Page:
WASHINGTON — President Barack Obama will nominate Solicitor General Elena Kagan as the nation’s 112th justice, choosing his own chief advocate before the Supreme Court to join it in ruling on cases critical to his view of the country’s future, Democrats close to the White House said on Sunday.
After a monthlong search, Obama informed Kagan and his advisers on Sunday of his choice to succeed the retiring Justice John Paul Stevens. He plans to announce the nomination at 10 a.m. Monday in the East Room of the White House with Kagan by his side, said the Democrats, who insisted on anonymity to discuss the decision before it was formally made public.
In settling on Kagan, the president chose a well-regarded 50-year-old lawyer who served as a staff member in all three branches of government and was the first woman to be dean of Harvard Law School. If confirmed, she would be the youngest member and the third woman on the current court, as well as the first justice in nearly four decades without any prior judicial experience.
That lack of time on the bench may both help and hurt her confirmation prospects, allowing critics to question whether she is truly qualified while denying them a lengthy judicial paper trail filled with ammunition for attacks. As solicitor general, Kagan has represented the government before the Supreme Court for the past year, but her own views are to a large extent a matter of supposition.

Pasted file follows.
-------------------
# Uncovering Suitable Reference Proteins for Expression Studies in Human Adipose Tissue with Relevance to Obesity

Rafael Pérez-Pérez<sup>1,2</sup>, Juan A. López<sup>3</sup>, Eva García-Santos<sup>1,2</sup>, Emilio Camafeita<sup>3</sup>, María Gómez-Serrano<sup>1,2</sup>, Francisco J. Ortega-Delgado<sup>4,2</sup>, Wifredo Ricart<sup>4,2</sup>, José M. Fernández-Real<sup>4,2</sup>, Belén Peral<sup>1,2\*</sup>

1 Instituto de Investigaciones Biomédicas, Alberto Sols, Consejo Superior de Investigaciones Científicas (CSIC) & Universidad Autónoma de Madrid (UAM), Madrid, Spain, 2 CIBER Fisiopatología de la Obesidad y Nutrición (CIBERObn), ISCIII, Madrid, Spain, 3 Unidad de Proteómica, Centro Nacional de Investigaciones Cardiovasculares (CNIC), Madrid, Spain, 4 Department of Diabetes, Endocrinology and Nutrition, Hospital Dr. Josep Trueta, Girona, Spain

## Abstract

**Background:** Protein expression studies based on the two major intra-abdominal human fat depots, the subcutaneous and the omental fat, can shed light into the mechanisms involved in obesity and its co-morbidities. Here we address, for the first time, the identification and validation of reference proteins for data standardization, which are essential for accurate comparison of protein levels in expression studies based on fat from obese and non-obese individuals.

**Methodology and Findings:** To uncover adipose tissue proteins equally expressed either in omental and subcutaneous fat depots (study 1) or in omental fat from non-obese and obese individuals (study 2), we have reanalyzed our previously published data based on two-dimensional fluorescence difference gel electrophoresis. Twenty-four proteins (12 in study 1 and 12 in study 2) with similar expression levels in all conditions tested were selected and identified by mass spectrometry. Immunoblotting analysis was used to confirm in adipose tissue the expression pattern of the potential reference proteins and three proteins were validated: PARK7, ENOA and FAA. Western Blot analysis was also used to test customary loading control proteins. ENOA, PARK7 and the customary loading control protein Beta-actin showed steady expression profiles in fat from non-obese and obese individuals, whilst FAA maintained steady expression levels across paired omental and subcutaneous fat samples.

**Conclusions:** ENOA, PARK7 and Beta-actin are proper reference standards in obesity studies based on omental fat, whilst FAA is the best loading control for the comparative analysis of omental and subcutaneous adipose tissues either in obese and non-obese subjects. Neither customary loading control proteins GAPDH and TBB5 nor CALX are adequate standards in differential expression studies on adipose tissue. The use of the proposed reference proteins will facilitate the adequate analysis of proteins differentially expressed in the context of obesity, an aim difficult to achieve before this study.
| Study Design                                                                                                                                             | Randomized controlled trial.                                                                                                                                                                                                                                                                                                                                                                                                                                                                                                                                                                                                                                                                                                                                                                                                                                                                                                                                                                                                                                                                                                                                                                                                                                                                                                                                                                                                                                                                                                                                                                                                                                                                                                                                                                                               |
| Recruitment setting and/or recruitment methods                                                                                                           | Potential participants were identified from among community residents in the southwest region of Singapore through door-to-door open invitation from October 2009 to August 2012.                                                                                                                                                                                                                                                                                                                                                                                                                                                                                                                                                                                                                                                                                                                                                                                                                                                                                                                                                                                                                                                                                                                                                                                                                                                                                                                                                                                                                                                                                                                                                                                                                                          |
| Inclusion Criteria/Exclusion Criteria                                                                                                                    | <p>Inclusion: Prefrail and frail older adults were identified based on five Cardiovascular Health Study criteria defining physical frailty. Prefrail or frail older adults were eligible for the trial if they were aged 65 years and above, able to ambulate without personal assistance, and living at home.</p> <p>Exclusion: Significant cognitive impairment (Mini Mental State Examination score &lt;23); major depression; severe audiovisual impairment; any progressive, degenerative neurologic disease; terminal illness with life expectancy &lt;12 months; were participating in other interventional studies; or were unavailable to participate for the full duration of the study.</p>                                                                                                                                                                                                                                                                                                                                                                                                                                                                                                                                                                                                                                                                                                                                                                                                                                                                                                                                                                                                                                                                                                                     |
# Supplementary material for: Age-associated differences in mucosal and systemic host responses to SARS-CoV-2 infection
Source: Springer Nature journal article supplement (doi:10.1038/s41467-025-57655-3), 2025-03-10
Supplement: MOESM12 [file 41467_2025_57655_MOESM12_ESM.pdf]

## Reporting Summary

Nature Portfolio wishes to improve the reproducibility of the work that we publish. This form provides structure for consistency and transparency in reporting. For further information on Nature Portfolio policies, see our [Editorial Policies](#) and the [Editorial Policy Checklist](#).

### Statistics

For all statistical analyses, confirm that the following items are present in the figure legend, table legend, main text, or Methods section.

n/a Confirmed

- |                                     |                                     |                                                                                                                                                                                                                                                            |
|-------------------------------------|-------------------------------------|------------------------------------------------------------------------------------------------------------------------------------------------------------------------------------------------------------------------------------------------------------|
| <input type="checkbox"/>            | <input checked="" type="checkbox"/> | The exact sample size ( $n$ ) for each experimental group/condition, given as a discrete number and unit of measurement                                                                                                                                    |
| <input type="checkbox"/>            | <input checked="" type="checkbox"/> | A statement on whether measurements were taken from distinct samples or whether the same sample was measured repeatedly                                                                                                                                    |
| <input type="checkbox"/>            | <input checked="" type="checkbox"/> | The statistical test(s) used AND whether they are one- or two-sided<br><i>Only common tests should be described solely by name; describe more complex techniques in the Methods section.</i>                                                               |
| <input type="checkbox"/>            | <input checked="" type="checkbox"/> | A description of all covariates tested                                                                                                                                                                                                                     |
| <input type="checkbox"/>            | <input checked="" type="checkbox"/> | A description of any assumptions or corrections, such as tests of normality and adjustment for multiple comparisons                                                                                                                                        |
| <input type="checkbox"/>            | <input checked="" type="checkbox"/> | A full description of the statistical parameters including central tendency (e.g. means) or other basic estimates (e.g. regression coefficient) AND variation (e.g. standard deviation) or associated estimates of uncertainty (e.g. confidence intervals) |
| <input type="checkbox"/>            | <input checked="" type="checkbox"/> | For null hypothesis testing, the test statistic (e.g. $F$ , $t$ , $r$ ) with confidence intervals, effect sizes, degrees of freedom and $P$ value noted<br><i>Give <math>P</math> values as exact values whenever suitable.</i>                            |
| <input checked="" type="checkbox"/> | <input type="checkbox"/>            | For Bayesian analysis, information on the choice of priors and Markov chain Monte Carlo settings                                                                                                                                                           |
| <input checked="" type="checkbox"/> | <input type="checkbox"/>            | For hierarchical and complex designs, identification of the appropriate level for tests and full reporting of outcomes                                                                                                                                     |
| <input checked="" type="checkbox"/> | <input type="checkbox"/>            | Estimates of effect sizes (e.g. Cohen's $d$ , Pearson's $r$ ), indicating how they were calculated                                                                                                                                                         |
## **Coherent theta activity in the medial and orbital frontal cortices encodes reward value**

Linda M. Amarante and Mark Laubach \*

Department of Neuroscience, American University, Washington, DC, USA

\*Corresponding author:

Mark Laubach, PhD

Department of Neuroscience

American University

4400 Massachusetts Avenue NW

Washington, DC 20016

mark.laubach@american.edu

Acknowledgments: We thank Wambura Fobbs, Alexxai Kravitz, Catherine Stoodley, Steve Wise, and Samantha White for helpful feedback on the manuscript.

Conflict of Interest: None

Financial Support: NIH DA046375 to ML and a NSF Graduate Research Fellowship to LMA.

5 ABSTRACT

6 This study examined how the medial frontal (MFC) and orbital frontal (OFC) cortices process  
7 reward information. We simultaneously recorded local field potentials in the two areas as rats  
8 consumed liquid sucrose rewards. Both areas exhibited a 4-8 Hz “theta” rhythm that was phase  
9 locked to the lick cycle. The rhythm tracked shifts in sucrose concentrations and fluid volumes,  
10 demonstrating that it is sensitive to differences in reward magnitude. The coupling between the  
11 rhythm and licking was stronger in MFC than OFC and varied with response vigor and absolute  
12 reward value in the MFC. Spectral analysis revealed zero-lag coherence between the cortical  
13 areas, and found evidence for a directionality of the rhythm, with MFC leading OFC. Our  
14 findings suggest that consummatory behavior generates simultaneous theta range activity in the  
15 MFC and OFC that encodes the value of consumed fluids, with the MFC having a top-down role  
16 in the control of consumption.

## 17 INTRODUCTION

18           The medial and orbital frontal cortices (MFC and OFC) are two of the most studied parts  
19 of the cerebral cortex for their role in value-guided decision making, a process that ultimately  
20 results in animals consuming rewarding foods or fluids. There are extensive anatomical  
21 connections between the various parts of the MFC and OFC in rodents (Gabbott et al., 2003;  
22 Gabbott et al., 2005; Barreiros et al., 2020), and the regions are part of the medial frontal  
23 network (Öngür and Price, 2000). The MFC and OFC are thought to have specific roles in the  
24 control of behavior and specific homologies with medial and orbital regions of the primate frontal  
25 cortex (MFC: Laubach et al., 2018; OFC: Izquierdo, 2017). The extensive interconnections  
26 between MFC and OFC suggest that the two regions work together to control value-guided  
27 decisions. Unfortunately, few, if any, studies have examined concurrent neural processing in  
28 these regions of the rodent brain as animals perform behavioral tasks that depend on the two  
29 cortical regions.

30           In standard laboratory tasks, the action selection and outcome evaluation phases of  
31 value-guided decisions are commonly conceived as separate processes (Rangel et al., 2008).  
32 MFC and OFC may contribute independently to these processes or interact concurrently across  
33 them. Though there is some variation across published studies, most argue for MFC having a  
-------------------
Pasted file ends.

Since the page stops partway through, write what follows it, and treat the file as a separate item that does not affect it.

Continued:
Perhaps as a result, some on both sides of the ideological aisle are suspicious of her. Liberals dislike her support for strong executive power and her outreach to conservatives while running the law school. Activists on the right have attacked her for briefly barring military recruiters from a campus facility because the ban on openly gay men and lesbians serving in the military violated the school’s anti-discrimination policy.
Replacing Stevens with Kagan presumably would not alter the broad ideological balance on the court, but her relative youth means that she could have an influence on the court for decades to come, underscoring the stakes involved.